Inflation-induced valuation errors in the stock market
A recent front-page article in the Wall Street Journal documented an increasing tendency among economists to move away from theories of efficient stock market valuation in favor of "behavioral" models that emphasize the role of irrational investors (see Hilsenrath 2004). The long-run rate of return on stocks is ultimately determined by the stream of corporate earnings distributions (cash flows) that accrue to shareholders. In assigning prices to stocks, efficient valuation theory says that rational investors should discount real cash flows using real interest rates or discount nominal cash flows using nominal interest rates. Twenty-five years ago, Modigliani and Cohn (1979) put forth the hypothesis that investors may irrationally discount real cash flows using nominal interest rates - a behavioral trait that would lead to inflation-induced valuation errors. This Economic Letter examines some recent research that finds support for the Modigliani-Cohn hypothesis. In particular, studies show that the Standard & Poor's (S&P) 500 stock index tends to be undervalued during periods of high expected inflation (such as the late 1970s and early 1980s) and overvalued during periods of low expected inflation (such as the late 1990s and early 2000s). This result implies that the long bull market that began in 1982 can be partially attributed to the stock market's shift from a state of undervaluation to one of overvaluation. Going forward, the return on stocks could be influenced by a shift in the opposite direction.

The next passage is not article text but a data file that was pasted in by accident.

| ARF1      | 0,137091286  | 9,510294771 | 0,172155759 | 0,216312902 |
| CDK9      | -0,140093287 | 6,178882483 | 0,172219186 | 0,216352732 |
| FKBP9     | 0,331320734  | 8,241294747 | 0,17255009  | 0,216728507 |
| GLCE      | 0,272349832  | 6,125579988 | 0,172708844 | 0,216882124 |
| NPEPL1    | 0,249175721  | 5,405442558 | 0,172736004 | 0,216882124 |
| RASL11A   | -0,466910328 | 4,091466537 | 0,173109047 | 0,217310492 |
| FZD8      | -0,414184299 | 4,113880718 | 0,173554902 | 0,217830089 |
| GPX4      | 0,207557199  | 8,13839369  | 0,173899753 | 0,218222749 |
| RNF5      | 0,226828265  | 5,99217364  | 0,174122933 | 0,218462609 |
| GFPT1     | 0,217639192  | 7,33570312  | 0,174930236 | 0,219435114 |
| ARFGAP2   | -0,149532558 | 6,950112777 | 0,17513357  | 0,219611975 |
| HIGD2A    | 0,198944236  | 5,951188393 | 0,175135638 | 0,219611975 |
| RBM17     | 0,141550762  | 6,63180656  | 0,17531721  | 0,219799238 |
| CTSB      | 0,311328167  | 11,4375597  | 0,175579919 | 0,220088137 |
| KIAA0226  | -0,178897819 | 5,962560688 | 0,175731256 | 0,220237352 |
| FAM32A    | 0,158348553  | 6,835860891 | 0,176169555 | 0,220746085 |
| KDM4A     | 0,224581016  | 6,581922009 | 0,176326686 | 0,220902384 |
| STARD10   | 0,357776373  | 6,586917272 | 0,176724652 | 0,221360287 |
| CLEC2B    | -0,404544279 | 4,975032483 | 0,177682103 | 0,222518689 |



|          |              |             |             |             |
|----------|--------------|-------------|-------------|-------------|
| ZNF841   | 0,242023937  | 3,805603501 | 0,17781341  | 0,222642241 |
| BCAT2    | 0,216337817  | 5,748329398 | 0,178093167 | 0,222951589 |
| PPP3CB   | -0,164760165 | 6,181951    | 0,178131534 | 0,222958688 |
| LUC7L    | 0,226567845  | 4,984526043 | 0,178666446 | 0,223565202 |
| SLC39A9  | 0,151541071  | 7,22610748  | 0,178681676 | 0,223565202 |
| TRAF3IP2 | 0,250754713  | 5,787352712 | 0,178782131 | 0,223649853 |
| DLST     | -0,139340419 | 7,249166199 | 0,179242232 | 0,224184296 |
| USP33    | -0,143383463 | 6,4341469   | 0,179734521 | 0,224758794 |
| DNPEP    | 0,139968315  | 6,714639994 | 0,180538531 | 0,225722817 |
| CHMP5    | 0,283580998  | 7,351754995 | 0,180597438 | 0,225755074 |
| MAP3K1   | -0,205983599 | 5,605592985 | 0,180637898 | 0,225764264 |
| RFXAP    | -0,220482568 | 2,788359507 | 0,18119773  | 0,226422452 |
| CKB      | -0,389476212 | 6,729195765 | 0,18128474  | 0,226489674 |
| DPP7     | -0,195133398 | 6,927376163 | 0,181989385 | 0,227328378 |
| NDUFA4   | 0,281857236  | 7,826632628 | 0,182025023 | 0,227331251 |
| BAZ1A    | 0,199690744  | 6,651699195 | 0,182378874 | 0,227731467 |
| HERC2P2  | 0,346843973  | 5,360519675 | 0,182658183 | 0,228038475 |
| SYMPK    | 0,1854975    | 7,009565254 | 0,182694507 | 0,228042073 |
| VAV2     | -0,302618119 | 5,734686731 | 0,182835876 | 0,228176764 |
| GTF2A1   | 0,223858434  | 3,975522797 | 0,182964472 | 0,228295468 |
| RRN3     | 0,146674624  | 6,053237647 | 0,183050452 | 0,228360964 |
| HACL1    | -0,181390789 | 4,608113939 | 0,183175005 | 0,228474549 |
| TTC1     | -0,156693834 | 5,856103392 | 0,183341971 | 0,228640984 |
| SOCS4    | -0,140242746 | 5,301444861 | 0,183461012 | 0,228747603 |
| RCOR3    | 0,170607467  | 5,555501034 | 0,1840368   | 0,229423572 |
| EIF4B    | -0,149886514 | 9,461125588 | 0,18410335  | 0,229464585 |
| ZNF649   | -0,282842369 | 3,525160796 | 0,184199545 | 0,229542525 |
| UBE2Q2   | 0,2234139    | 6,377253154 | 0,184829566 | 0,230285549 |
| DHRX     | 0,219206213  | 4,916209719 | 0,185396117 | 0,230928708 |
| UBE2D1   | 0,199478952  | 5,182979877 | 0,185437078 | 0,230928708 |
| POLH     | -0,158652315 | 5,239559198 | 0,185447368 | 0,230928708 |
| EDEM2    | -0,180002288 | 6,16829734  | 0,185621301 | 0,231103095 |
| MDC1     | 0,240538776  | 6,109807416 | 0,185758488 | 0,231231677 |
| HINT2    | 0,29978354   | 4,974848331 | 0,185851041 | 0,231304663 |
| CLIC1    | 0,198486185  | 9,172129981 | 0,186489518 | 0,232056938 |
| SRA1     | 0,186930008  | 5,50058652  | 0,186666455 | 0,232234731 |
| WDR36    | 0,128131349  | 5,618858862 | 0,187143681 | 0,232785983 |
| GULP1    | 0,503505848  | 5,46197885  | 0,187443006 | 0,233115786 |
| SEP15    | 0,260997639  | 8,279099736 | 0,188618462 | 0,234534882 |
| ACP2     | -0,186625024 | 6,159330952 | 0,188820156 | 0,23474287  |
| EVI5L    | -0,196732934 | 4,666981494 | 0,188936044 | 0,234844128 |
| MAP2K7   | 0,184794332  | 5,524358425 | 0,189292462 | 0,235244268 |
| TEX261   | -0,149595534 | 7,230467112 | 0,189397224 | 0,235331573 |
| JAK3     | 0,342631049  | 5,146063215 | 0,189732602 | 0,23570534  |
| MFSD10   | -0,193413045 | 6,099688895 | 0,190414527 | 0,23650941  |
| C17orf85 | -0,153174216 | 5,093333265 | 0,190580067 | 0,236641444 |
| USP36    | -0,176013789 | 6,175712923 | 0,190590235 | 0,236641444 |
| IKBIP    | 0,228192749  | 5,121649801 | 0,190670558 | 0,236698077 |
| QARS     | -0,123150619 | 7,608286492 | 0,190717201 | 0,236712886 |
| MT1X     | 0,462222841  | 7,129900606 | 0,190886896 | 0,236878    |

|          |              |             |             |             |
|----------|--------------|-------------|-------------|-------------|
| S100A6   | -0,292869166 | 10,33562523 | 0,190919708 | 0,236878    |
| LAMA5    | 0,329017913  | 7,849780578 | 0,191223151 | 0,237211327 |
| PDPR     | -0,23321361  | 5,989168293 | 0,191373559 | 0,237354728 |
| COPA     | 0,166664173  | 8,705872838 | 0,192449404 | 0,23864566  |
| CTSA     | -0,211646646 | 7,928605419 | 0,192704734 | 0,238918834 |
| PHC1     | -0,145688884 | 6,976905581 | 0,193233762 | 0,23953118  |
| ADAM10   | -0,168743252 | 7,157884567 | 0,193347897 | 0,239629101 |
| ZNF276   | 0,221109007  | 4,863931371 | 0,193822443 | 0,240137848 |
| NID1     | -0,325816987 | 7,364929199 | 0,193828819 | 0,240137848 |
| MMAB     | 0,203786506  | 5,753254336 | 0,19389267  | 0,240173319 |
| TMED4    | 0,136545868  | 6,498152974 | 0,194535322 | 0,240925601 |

Volume (Year): (2004)
Issue (Month): oct29 ()
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